Well, in my opinion, the last thing we should do is choose their grade based on their age, hand them a stack of textbooks, and tell them to go to work. (And for the sake of my bigger argument, I will leave aside my thoughts on this type of education in general.) The best thing to do is to get into your cardboard time machine, and let your new child experience what they missed in their earlier years. Get out the little kid toys and let them play. Play with them if they don't know how to create an imaginary world to explore and inhabit (if you are not blessed with built-in master players to show the new people the ropes). Give them sensory experiences... clay, water, sand. Physical experiences... running, jumping, crawling, balancing, hopping, skipping, rolling, spinning, rocking. And be sure they can actually do these types of physical activities. If they can't, now you know where you need to start. Just as a toddler begins with crawling and then walking before we put a phonics book in front of him, this is what you need to do with your new child, as well. Read books. Many, many books. Look at the pictures. Talk about the pictures. Point out writing that is present everywhere. Narrate your life... just as you would for a toddler. Count things. Over and over count them. The number of stairs, the scoops of dog food, the plates on the table, the toys on the shelf. Do all of this before you even get out the pencil and paper and expect these number and letters you are going to talk about to make sense.
Because, in truth, you do not know what they missed. You do not know what gaps occurred in their early childhood because the time that they would have naturally done something was short-circuited by loss or fear or hurt. It won't take five years to create a child ready and primed to learn. An older child will pass through these stages faster than a younger one. But without the opportunity to pass through the earlier stages, the foundation for later, more academic and theoretical learning, will be faulty. At some point, when things get harder and the lessons more abstract, the foundation will crumble.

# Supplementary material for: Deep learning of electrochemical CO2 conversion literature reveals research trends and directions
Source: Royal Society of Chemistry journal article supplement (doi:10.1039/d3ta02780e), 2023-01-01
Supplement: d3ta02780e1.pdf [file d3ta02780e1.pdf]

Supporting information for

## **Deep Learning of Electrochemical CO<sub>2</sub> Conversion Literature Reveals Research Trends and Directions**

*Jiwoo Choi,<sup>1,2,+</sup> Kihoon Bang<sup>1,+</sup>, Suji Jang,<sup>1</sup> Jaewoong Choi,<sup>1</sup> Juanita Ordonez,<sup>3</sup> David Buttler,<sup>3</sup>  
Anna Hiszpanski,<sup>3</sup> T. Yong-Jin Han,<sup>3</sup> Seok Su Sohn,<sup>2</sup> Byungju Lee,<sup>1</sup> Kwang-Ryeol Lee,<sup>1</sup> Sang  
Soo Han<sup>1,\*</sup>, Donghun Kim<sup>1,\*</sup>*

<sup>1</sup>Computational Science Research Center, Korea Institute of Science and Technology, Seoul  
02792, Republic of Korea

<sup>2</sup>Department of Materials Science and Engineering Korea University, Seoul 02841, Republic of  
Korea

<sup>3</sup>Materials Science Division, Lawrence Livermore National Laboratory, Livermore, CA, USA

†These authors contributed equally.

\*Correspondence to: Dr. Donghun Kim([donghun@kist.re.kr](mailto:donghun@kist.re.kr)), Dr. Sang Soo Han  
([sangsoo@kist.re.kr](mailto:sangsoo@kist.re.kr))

You have the time. Really, you do. Just because someone, somewhere decreed that childhood and the education of childhood ends at 18 does not mean we have to play along. If a child goes to college at 20 instead of 18, what difference is that going to make in the long run? If a child doesn't go to college and chooses another path for his or her life, is the world going to end? If a child doesn't really learn to read fluently until the age of 14 (or 15 or 16) because they were busy making up for the earlier losses and missed chances in their life, what difference will that make when they are 30? Do not worry about the future. Worry about the now. Give your child what they need now. Not what you think they need, because that is what everyone else's child is doing, but what your specific child needs. Maybe your child has been so hurt that you spend a year just holding them and nurturing them as you would a baby. You have given that child a gift that cannot be measured. The academics can always be made up later... there aren't actually that many of them, when you come right down to it.
Do not buy into the academic shoulds of the world. Focus on the needs. Focus on the relationships. If you do this, you will never fail your child.